The Declassification Engine: What History Reveals About America’s Top Secrets
- By Matthew Connelly
- 560 pp.
- Reviewed by William Rice
- February 10, 2023
Must every government document be kept under lock and key?
Presidents from both parties have recently sparked scandal by their handling of secret government files. But historian Matthew Connelly argues the real scandal is that the United States overclassifies, under-shares, and cavalierly destroys information about what it does in our name and on our dime. He’s on a mission to change that behavior and has a technological plan to do it.
Connelly’s new book, The Declassification Engine, is both an impassioned indictment of America’s culture of official secrecy and a blueprint for how advanced computer-search capabilities could be used to restore our nation’s traditional transparency. His criticism is for the most part balanced: He allows for the need to guard some sensitive information and debunks notorious conspiracy theories with more plausible explanations (that nevertheless represent dangers of their own).
He makes a compelling case. Hiding, sometimes forever, key details of momentous activities undertaken on behalf of the American people — war; domestic spying; the creation, testing and storage of dangerous weapons — presents multiple perils to life and liberty. Bad policies are allowed to persist; elected leaders avoid responsibility for errors and transgressions; faulty, sometimes weird science and incompetent, sometimes unhinged scientists thrive; and the lessons of history are never learned.
Connelly explains that state secrecy was viewed at America’s founding as a corrupt relic of European autocracy and that the nation’s “ever more radical experiment in open government” only came to a permanent halt with the Japanese bombardment of Pearl Harbor. Our government used the surprise attack, which abruptly pulled the U.S. into World War II, as an excuse to begin building the security state that has continued to grow in the 80 years since. The author says Pearl Harbor also marked the beginning of the practice of officials covering up mistakes — he believes the military was criminally unprepared for that predictable raid — by stamping them “Top Secret.”
Secrecy nourishes what Connelly dubs the “dark state.” The term is reminiscent of but distinct from the imagined “deep state” that engenders so much right-wing anger. “Deep state” theory holds that unelected bureaucrats control the government in defiance of political leaders. Connelly’s “dark state” is no less shadowy but is actually run by elected officeholders — specifically, the president. Though, as candidates, they often promise to let more sunlight into the governing process, presidents (once sworn in) can’t resist the benefits of keeping the curtains closed.
But a lot of mischief can happen in the dark. Though he doesn’t think appointed officials generally pull all the strings, Connelly does believe the military is out of control and cites instances of generals and spymasters withholding information from the commander-in-chief: During the Cuban Missile Crisis, for example, the top brass didn’t tell John F. Kennedy that they had moved the nation’s nuclear posture to one notch below war.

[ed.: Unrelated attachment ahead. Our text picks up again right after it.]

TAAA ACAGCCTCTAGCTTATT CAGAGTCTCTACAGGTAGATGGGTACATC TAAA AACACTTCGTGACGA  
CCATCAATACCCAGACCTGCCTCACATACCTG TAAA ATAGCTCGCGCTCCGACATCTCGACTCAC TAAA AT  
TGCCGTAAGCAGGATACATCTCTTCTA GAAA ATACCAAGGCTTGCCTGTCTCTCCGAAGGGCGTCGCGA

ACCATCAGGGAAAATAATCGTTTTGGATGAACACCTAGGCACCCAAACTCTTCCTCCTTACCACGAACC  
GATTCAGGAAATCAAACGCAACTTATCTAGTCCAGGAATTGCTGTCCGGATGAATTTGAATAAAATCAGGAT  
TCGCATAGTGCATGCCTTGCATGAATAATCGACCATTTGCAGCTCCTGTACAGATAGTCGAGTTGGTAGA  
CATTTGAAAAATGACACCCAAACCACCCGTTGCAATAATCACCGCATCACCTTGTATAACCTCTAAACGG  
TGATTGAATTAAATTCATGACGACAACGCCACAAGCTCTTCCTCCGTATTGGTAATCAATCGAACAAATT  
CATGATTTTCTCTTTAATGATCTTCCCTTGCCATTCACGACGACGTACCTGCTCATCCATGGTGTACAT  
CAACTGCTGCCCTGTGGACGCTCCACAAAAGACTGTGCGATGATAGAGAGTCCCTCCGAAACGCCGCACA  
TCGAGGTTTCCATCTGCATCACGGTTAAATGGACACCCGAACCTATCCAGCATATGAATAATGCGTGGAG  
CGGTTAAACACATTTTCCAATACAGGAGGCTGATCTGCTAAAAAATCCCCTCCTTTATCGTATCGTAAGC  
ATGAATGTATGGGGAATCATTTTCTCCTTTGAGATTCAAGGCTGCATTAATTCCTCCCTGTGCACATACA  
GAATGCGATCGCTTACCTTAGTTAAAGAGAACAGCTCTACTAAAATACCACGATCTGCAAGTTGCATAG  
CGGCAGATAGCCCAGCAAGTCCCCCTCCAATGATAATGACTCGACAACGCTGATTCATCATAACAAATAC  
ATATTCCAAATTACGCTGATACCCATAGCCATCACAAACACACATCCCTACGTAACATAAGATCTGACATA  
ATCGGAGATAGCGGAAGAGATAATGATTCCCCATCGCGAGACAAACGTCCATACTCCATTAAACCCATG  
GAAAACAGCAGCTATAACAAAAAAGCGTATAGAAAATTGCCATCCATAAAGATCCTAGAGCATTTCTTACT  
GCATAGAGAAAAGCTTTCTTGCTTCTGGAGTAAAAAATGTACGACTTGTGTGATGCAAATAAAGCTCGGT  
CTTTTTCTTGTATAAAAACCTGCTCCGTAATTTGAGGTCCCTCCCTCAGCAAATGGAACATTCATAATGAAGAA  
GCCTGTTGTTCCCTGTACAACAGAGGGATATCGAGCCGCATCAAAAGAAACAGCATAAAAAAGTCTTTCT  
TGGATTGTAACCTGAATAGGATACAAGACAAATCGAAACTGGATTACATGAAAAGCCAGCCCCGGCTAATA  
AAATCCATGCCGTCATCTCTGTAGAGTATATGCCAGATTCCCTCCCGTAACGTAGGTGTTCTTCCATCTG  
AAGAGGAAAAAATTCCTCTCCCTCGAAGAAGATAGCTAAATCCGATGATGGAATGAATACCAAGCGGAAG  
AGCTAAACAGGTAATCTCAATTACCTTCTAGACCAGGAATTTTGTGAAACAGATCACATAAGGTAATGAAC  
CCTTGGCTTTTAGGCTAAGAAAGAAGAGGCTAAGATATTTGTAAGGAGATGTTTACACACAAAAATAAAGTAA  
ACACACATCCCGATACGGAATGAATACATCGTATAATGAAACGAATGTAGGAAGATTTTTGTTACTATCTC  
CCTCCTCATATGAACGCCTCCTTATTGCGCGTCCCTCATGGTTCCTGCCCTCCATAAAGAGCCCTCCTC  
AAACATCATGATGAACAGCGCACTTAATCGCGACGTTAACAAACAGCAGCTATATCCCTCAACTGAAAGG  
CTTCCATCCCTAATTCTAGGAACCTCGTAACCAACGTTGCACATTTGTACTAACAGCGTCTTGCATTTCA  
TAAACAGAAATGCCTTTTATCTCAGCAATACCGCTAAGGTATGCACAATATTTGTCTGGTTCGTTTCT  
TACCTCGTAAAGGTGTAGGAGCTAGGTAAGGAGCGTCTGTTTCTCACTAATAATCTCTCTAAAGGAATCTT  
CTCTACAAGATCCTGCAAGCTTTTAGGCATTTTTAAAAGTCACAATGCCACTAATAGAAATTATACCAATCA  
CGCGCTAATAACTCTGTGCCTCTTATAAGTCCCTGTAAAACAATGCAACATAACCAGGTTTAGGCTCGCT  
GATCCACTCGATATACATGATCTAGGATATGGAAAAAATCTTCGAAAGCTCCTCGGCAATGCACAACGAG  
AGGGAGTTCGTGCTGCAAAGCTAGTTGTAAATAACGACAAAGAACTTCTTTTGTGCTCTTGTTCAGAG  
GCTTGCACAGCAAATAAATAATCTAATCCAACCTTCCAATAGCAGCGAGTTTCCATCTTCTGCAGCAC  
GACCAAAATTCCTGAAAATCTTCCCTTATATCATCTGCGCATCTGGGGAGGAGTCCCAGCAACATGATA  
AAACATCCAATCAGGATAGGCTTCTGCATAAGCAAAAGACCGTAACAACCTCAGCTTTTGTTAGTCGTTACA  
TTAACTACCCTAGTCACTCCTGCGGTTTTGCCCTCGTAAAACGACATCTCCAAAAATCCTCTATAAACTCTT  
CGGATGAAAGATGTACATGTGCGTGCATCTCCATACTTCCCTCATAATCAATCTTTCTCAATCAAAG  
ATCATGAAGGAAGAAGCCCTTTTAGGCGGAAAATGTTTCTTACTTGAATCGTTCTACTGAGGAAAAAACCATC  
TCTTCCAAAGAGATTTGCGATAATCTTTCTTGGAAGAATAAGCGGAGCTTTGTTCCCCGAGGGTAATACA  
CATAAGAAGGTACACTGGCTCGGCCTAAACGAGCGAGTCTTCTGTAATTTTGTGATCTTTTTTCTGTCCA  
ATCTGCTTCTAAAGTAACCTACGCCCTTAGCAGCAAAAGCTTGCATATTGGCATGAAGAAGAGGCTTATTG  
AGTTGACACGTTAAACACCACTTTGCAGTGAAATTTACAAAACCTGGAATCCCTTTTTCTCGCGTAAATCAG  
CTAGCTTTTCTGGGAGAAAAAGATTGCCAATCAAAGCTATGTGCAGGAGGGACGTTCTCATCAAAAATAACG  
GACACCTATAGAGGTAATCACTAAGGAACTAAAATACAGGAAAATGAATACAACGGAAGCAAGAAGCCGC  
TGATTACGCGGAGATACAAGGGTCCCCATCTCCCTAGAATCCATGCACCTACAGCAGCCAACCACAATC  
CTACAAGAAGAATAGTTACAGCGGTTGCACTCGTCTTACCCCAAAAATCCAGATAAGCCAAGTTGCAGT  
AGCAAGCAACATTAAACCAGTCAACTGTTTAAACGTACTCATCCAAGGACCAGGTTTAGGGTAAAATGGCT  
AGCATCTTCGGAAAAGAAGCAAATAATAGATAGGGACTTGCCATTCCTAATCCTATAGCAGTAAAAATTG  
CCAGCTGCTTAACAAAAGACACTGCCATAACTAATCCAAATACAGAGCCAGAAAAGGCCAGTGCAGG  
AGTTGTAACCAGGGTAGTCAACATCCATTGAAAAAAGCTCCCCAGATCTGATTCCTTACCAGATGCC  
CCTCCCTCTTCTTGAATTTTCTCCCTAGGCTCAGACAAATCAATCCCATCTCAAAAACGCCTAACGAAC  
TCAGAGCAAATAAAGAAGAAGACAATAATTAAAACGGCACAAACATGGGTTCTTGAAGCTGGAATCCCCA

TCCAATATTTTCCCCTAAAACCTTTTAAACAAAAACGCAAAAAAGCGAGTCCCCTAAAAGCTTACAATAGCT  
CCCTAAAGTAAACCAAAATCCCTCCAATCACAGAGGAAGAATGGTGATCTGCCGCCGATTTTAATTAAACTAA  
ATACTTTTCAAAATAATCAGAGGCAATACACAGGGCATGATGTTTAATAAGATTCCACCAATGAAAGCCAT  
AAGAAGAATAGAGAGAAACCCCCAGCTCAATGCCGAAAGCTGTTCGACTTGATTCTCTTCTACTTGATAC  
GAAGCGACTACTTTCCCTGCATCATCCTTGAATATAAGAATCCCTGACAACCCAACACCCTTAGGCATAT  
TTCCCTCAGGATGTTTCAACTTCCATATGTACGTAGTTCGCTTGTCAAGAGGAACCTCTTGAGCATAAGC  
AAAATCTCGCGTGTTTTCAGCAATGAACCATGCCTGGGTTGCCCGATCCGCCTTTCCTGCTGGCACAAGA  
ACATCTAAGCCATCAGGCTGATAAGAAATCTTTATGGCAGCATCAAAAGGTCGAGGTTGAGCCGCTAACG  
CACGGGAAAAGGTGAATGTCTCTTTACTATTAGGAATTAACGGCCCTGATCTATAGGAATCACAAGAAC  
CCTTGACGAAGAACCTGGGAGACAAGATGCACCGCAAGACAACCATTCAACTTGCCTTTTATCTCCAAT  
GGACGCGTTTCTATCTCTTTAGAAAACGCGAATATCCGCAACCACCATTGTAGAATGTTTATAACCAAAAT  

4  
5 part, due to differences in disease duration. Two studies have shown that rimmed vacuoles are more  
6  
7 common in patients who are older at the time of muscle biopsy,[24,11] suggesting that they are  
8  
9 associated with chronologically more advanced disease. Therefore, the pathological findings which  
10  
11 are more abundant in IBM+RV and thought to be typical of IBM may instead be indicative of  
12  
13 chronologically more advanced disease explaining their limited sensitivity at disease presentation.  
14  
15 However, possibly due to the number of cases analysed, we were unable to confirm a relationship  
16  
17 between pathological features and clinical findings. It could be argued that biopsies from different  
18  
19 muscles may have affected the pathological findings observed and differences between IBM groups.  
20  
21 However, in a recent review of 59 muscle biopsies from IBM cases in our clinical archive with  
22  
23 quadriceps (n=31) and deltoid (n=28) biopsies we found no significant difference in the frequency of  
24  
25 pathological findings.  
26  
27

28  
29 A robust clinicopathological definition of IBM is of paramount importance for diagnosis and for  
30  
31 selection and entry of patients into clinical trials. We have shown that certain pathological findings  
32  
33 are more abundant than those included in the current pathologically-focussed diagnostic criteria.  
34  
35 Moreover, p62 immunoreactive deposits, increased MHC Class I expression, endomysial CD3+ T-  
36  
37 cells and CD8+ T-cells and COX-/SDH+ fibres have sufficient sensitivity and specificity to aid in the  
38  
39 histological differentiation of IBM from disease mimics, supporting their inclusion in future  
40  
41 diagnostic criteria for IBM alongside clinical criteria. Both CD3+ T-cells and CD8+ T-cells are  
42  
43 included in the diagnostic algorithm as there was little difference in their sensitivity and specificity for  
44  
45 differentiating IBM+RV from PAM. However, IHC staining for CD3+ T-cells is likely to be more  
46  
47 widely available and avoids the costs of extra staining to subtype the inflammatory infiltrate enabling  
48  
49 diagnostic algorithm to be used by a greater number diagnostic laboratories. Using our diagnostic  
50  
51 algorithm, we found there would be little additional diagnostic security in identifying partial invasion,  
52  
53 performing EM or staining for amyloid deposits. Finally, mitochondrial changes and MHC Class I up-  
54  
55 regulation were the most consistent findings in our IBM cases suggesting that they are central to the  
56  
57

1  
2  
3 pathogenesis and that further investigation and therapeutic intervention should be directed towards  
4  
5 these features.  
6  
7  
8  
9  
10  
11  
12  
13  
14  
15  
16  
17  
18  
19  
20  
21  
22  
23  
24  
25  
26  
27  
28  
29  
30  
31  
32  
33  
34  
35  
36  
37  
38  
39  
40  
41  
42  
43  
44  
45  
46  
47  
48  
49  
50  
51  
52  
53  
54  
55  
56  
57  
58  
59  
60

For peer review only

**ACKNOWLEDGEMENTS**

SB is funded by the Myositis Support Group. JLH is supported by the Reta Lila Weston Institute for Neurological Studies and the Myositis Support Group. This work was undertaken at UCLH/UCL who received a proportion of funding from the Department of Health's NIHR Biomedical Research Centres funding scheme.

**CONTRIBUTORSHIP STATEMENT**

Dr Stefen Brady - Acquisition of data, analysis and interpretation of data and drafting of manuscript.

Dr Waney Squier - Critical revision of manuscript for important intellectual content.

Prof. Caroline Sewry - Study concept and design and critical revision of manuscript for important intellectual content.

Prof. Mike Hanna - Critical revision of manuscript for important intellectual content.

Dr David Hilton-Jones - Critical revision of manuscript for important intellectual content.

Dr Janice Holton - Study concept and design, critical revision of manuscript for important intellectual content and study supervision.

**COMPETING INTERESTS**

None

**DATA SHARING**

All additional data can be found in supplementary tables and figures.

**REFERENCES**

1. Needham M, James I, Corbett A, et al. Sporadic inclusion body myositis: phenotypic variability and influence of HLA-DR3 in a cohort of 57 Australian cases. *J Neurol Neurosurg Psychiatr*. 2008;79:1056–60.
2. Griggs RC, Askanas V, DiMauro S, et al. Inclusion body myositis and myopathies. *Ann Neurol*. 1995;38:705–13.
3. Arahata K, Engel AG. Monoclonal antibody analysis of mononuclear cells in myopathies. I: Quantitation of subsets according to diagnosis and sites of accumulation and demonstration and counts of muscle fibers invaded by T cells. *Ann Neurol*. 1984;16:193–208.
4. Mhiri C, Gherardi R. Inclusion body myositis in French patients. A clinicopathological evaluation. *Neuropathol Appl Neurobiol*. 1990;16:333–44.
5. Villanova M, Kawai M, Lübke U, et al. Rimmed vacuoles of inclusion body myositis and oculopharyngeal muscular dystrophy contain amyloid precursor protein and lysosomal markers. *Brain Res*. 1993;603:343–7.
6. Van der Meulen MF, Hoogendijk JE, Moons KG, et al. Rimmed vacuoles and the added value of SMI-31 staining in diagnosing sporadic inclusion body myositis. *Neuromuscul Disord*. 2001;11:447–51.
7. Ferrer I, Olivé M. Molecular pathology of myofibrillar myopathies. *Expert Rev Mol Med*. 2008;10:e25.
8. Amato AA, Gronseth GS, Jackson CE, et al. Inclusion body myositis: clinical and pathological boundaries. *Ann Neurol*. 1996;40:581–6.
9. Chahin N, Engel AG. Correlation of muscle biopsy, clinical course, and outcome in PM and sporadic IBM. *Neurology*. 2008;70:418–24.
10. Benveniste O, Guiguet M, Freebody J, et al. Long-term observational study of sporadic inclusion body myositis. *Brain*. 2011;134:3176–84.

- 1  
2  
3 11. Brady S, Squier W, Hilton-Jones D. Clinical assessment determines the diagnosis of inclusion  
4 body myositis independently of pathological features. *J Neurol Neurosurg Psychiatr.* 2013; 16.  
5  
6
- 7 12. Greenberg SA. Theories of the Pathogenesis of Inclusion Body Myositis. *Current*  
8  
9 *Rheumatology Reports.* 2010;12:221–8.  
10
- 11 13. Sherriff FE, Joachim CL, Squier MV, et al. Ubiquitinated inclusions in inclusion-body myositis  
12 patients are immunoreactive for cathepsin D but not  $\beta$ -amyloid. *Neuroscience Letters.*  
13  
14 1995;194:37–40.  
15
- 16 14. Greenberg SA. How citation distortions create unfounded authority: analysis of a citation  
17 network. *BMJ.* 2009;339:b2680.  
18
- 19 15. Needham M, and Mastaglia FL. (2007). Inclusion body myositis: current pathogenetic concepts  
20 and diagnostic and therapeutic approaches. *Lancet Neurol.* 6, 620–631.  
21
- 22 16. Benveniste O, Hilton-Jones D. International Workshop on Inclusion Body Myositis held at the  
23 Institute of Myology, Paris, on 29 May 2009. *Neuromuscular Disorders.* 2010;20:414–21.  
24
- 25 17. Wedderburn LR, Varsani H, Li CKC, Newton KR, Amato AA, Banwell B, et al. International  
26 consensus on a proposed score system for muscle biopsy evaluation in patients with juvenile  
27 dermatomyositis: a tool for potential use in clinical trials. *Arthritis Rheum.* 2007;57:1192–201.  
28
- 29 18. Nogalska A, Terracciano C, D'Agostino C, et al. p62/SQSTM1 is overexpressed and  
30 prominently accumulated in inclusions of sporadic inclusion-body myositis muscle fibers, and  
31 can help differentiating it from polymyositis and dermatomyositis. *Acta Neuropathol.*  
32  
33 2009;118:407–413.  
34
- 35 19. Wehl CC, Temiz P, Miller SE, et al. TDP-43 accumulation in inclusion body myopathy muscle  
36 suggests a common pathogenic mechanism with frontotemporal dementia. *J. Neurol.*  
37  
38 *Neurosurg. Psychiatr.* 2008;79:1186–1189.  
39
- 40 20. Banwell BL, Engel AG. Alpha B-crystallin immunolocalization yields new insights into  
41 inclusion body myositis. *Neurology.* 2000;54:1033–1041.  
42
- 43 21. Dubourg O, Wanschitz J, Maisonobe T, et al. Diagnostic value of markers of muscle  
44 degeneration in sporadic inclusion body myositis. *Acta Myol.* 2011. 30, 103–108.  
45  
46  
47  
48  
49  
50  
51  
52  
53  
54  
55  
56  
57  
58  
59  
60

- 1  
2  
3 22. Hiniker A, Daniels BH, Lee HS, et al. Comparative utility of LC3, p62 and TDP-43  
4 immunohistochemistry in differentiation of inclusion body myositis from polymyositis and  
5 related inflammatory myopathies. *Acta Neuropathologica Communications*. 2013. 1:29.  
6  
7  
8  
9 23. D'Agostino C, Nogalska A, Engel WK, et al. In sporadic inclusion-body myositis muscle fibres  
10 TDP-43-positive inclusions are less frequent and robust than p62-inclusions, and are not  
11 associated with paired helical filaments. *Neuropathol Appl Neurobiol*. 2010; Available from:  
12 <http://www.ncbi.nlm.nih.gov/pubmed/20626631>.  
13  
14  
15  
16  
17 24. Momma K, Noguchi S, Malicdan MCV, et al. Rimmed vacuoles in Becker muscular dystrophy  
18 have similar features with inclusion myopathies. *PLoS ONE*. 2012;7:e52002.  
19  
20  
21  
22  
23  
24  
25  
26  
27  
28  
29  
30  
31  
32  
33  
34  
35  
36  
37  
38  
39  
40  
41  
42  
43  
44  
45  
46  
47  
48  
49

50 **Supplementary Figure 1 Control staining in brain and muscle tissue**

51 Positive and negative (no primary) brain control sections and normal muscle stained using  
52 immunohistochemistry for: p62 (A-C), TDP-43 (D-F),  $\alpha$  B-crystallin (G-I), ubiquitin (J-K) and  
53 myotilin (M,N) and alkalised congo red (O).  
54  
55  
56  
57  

Almost from the moment government secrets began to pile up, there have been efforts to divulge them once it was safe to do so. Yet Connelly points out the practical and political barriers to timely declassification. With the proliferation of information — including secret information — since the Second World War, it’s estimated that it would take a workforce of several million to evaluate all the classified material at the National Archives to see what could be released. Right now, there are 41 employees assigned to that task. Human resources aside, Connelly notes that while classifying a document is always the safe option and is often to a particular official’s personal benefit, “declassification [is] meant to serve everyone, and therefore serve[s] no one in particular.”
Only technology can physically conquer the mountain of mystery and, in the process, make sharing information with the public as attractive as withholding it. The engine of the book’s title is the algorithms that estimate the sensitivity of a document by the presence or absence of certain keywords in its title and via other methods that can grow more accurate with practice (“machine learning”). Connelly and his colleagues have successfully tested out their system on millions of already-declassified State Department cables but can’t interest the federal government in the process for reasons offered up in the book’s disheartening final chapter.
His argument is generally focused, though it occasionally drifts to important but off-topic subjects like economic policies that favor the rich. He also doesn’t acknowledge that — as big a threat as excessive government secrecy certainly poses to our democracy — the scandals he reveals are all secrets that have since been told. The very existence of his book means our society still allows the free flow of information.
But Connelly wants more, and he’s not alone. He quotes a Pentagon panel made up of hardliners like the inventor of the hydrogen bomb, who, over 50 years ago, concluded, “We would have more to gain in the long run by pursuing a policy of complete openness in all matters.” Connelly then offers this startling example: the Cuban crisis of the early 1960s did not escalate to nuclear Armageddon because the Soviets were intercepting U.S. communications and knew our tough talk was mostly a bluff. In other words, he writes, “[B]eing radically transparent — however unwillingly, and unwittingly — was precisely what kept us safe.”
William Rice is a writer for political and policy-advocacy organizations.